A truly premium, truly pocket pen: the Montegrappa Gnomo Moods Monterosa

I don’t know about you, but I have a strong mental block against spending £500 on a pocket pen.

The first reason is practical: there’s a disconnect between a pen that is meant to get bashed around in your pocket with your keys, and one that delivers a “luxury” experience.

The second is perhaps more sensory. In the world of pens at least, the more you spend, the more you expect to get. Pricey pens are larger, heavier, they come in a bigger box. Pocket pens are by definition small (if not always light, as the Sterling Sport would attest).

This hasn’t stopped me from eyeing up the Montegrappa Gnomo for years.

It’s a real oddball, in a class of one. It is a true pocket pen in format.

But it ticks luxury boxes with an 18k nib, ebonite feed, and hallmarked sterling silver construction.

So I’ve rarely had so much anticipation unboxing a review sample as I had with this one.

And you know what? It’s utterly charming. I love it. And not just in an “oh this is cute” kinda way; also in a “wow, this is impressive” kinda way.

It starts with the packaging: a tiny wooden box, and inside a tiny sheepskin sleeve, like the pen is wearing an old bomber jacket. The materials contrast against the plush silver, and they’re practical too.

Then the pen itself, which (although it doesn’t have a larger #6 nib) is noticeably shorter than the Schon P6 or Ensso pocket, and expands to have a much longer section than them too.

In prior years, the Gnomo had a bright celluloid barrel in red, yellow or black, but now it’s “Montegrappite”, a densely layered mix of (in this Monterosa edition) pink, grey, black and white.

It looks just like what you get when you peel layers of paint off of a very old wall.

I can’t work out whether I really like it, or find it too muddy. There is an alternative shade called Menta in grassy greens and browns.

At the end of the cap (which also serves as the barrel) is a silver protrusion where all the branding, hallmarks and edition number sits. This pen is an edition of 100, which is exclusive as editions go. Perhaps Montegrappa doesn’t think there’s much of a market for £500 pocket pens?

At the other end of the cap is another small protrusion, identical but without any branding.

This is actually the end of the pen itself, and you unscrew it to reveal the pen, then reverse it and screw back on to post.

This small protrusion is the only functional problem with the Gnomo. That’s because not only is it your handhold to unscrew the pen, it’s also a tiny cap that reveals where you insert the cartridge into the back of the section. If you’re not careful, you can unscrew this tiny cap when you intend to unscrew the pen from the cap, and you end up leaving the section behind with just a nub of cartridge visible. The solution to this is to make sure the tiny cap is tightly screwed on — but I am hesitant to do that on fine silver threads.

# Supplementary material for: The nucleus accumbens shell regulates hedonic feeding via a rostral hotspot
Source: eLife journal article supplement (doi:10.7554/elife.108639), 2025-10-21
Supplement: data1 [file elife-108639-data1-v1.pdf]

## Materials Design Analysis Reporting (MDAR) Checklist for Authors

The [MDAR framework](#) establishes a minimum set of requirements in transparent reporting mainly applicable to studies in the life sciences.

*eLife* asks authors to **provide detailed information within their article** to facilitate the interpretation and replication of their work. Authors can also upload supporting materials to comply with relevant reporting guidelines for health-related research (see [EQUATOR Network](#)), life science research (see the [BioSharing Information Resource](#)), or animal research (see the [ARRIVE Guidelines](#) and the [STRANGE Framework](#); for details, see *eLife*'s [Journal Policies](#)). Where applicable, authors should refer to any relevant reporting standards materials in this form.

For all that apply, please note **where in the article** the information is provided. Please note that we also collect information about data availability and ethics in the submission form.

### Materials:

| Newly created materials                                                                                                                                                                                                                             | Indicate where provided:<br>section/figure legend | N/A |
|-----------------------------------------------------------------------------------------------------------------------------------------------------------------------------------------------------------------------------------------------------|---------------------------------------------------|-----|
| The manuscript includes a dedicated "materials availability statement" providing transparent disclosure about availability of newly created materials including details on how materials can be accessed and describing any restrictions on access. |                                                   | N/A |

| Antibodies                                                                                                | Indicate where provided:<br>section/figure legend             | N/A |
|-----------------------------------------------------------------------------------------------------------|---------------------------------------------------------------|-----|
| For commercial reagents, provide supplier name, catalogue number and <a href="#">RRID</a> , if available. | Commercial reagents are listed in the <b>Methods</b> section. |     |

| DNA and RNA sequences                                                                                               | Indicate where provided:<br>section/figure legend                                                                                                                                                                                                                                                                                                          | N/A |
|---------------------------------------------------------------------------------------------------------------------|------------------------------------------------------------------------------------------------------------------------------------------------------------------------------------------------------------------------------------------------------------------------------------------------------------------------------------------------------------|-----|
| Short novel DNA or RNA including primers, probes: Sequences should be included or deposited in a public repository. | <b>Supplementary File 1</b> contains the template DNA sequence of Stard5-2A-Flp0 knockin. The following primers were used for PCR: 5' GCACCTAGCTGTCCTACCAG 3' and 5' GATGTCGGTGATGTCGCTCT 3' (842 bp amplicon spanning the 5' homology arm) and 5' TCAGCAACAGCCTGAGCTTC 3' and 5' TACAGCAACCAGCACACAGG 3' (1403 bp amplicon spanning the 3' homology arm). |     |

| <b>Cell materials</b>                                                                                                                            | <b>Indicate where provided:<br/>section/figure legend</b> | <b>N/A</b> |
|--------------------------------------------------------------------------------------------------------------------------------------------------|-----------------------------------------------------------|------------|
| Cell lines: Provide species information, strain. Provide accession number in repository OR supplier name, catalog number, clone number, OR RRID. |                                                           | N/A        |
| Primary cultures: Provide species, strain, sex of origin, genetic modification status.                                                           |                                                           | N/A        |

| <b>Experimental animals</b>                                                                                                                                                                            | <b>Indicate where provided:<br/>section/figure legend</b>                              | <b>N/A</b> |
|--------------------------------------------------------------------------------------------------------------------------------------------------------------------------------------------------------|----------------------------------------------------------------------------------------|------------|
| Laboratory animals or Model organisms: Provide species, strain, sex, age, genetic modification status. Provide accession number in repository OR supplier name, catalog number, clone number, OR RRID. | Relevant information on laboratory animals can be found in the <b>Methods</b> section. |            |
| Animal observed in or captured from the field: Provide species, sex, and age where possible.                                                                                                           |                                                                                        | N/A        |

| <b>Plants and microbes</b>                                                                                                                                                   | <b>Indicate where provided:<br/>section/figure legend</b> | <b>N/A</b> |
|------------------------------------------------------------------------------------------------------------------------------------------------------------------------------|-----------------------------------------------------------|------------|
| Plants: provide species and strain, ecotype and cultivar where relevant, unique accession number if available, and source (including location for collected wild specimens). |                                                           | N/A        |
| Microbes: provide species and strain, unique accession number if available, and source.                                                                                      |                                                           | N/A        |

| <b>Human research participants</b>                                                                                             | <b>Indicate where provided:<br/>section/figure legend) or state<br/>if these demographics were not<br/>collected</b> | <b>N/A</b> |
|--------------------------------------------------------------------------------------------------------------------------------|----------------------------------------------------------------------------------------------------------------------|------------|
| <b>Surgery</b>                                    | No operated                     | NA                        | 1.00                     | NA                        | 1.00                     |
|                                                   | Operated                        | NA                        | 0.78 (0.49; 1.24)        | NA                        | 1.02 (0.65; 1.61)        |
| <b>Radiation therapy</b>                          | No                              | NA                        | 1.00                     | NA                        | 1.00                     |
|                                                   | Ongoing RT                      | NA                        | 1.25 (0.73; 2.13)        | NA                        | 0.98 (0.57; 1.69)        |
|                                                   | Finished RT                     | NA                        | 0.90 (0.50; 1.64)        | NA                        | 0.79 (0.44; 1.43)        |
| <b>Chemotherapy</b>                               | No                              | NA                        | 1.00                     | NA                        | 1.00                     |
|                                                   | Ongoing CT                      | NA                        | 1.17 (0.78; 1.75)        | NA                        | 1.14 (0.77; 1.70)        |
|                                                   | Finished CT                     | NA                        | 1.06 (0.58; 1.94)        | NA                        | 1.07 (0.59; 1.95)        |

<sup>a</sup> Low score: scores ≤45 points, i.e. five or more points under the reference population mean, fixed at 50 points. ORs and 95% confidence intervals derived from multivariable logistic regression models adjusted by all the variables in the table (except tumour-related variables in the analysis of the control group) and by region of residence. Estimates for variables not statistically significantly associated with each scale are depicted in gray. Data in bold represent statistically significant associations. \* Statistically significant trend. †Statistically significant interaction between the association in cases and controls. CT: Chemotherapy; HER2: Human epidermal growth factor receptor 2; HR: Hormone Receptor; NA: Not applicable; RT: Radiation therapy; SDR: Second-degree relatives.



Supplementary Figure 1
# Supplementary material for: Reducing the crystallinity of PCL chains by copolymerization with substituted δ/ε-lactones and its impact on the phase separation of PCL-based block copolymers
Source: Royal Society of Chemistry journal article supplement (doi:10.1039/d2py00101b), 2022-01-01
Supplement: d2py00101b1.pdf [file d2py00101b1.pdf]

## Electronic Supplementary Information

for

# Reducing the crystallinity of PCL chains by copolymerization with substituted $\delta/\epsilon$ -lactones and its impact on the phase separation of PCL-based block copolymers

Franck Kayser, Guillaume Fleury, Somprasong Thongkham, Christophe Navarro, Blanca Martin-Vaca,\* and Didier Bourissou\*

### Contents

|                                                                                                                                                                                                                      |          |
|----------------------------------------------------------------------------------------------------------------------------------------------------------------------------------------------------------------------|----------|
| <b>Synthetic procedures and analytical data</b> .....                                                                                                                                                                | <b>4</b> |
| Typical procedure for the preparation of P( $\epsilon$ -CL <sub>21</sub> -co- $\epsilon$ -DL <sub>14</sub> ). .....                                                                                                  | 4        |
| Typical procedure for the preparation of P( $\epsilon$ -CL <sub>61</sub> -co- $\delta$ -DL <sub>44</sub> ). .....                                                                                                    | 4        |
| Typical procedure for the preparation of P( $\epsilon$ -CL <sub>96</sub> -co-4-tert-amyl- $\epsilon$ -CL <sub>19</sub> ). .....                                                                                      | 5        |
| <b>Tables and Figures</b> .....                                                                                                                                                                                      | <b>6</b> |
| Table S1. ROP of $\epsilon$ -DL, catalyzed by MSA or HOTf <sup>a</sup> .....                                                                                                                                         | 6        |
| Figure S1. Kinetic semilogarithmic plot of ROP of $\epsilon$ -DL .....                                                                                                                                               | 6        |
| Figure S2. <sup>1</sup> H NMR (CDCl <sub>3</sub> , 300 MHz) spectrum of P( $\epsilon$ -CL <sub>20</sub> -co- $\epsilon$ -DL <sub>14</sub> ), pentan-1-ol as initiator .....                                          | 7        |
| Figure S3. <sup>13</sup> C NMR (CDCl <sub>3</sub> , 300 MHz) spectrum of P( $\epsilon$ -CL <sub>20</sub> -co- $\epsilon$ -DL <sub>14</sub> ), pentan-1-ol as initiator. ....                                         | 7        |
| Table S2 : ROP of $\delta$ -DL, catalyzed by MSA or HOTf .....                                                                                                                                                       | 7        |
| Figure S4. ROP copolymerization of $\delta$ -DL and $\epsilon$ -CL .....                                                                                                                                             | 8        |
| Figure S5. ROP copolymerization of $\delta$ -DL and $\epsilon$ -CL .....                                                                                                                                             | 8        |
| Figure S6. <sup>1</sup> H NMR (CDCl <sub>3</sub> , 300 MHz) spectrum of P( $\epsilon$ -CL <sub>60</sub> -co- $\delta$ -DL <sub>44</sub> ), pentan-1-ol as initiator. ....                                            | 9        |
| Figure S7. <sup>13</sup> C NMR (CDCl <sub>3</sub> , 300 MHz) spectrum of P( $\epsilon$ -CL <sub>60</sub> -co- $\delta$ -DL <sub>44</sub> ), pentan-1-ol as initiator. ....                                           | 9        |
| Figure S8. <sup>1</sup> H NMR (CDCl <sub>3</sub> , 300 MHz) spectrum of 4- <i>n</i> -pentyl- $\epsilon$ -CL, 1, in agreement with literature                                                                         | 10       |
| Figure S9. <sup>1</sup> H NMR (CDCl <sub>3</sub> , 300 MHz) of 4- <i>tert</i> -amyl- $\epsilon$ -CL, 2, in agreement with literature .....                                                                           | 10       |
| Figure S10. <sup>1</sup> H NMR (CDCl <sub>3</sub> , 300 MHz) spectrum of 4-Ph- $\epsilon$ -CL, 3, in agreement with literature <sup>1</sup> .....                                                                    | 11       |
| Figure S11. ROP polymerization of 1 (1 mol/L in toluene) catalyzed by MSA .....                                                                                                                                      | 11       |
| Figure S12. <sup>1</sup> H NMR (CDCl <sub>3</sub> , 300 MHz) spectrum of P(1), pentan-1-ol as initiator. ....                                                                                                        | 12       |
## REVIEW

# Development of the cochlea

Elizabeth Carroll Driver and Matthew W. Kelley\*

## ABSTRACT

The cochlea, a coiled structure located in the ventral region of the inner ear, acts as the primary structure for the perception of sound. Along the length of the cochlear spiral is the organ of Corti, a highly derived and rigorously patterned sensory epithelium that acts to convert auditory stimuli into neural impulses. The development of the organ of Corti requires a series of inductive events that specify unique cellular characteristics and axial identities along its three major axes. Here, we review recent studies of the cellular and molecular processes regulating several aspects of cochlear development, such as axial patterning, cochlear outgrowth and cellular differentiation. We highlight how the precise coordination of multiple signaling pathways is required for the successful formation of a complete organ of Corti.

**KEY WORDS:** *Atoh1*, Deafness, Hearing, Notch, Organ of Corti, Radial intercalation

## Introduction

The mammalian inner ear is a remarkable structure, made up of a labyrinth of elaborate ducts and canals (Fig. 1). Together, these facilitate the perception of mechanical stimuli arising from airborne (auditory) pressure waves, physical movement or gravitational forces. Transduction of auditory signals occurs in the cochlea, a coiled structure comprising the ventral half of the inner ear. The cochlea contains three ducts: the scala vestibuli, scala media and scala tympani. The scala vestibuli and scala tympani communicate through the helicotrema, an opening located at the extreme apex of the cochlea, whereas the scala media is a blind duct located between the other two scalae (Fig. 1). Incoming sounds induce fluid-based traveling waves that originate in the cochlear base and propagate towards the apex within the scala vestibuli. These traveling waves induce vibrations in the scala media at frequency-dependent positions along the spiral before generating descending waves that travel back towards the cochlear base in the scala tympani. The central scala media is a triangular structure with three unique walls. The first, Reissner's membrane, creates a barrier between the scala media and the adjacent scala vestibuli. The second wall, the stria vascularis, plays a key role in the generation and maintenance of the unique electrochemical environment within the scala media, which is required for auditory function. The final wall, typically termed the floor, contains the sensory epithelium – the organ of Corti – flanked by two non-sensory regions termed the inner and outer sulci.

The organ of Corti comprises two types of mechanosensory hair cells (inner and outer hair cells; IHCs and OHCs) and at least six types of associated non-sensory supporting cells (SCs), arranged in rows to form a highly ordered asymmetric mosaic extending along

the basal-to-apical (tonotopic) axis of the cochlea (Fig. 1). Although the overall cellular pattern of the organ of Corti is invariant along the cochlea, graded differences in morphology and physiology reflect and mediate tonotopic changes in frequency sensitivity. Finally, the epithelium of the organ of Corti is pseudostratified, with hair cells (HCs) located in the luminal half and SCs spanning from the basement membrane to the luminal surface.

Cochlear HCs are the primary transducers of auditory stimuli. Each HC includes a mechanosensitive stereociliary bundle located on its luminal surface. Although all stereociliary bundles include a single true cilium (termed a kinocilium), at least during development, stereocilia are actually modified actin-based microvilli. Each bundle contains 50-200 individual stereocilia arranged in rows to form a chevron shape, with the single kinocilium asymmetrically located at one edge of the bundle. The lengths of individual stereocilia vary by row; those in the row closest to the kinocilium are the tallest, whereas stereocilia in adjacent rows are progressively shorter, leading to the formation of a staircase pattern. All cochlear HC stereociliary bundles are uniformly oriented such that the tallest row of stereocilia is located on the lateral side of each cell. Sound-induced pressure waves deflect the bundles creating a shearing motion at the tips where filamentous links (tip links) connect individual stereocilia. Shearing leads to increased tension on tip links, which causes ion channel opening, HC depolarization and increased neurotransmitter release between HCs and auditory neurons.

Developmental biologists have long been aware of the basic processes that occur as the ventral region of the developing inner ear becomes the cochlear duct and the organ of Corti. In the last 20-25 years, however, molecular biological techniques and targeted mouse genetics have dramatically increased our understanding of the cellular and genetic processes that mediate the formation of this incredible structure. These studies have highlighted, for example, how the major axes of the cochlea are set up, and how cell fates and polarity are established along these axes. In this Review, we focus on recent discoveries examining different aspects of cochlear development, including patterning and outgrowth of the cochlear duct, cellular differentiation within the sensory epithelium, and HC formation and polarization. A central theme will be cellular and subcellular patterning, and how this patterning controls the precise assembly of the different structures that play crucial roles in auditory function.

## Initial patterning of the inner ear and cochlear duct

With the pen uncapped, you can see the section unit itself.

The section, like all the metal hardware, is solid silver, polished to a high shine and engraved with a lightly grippy chevron pattern.

It’s slim, but actually very comfortable.

The barrel step is rounded, with no visible threads at all.

The nib is simply glorious.

My review sample is an OM, cut with the left edge of the tip shorter than the right.

If you hold it correctly, rolled off to the left, it is absolutely glassy smooth, smoother than Pilots or Namikis even. Flow with a Kaweco Midnight Blue cartridge is good, with no skipping or hard starts.

The M line is wider than I usually use nowadays, but suffice it to say this is one of the best nibs I’ve had the pleasure of trying in years.

There’s plenty of softness under even light pressure, for a comfortable ride.

It’s abundantly clear that the Gnomo is a beautifully made pen by any standards. The cap is lined in white plastic, meaning no scratches on the silver, and it doesn’t dry out.

There is a step at the end of the cap so the nib itself is isolated from the section, so you won’t end up with inky fingers.

The engraving is excellent, across the pen, and the little nib is gracefully adorned and simply beautiful under a loupe.

So we return to where we started. £500 for a pocket pen is steep for sure. It’s an existential challenge: does anybody want or need such a pen? But this is no ordinary pocket pen. Post the cap and what you have is a beautiful, comfortable, excellent writer that stands up against any full-size pen you might own. It just also happens to fit into the coin pocket of your jeans.

Put it this way: I am one drunken evening in front of the Iguanasell website away from adding one to my personal collection. I’ll certainly be very sorry to send this one back.

The Gnomo was loaned to me by Iguanasell. You can get yours here.

6 thoughts on “A truly premium, truly pocket pen: the Montegrappa Gnomo Moods Monterosa

  1. A truly original pen. As a lover of silver in pens, and Montegrappas, I should be attracted to it, but it is does not arouse any desire in me. This is not a fault of your excellent presentation of the pen. Thank you for this fascinating blog.


  2. Pen is lovely. I saw it in my local shop and may have a slight preference to the previous model in celluloid.
    I also notice that you have really fun keys on that keyboard!


  3. Pingback: Elbwood Pocketmaster: an uncompromising pocket fountain pen | UK fountain pens

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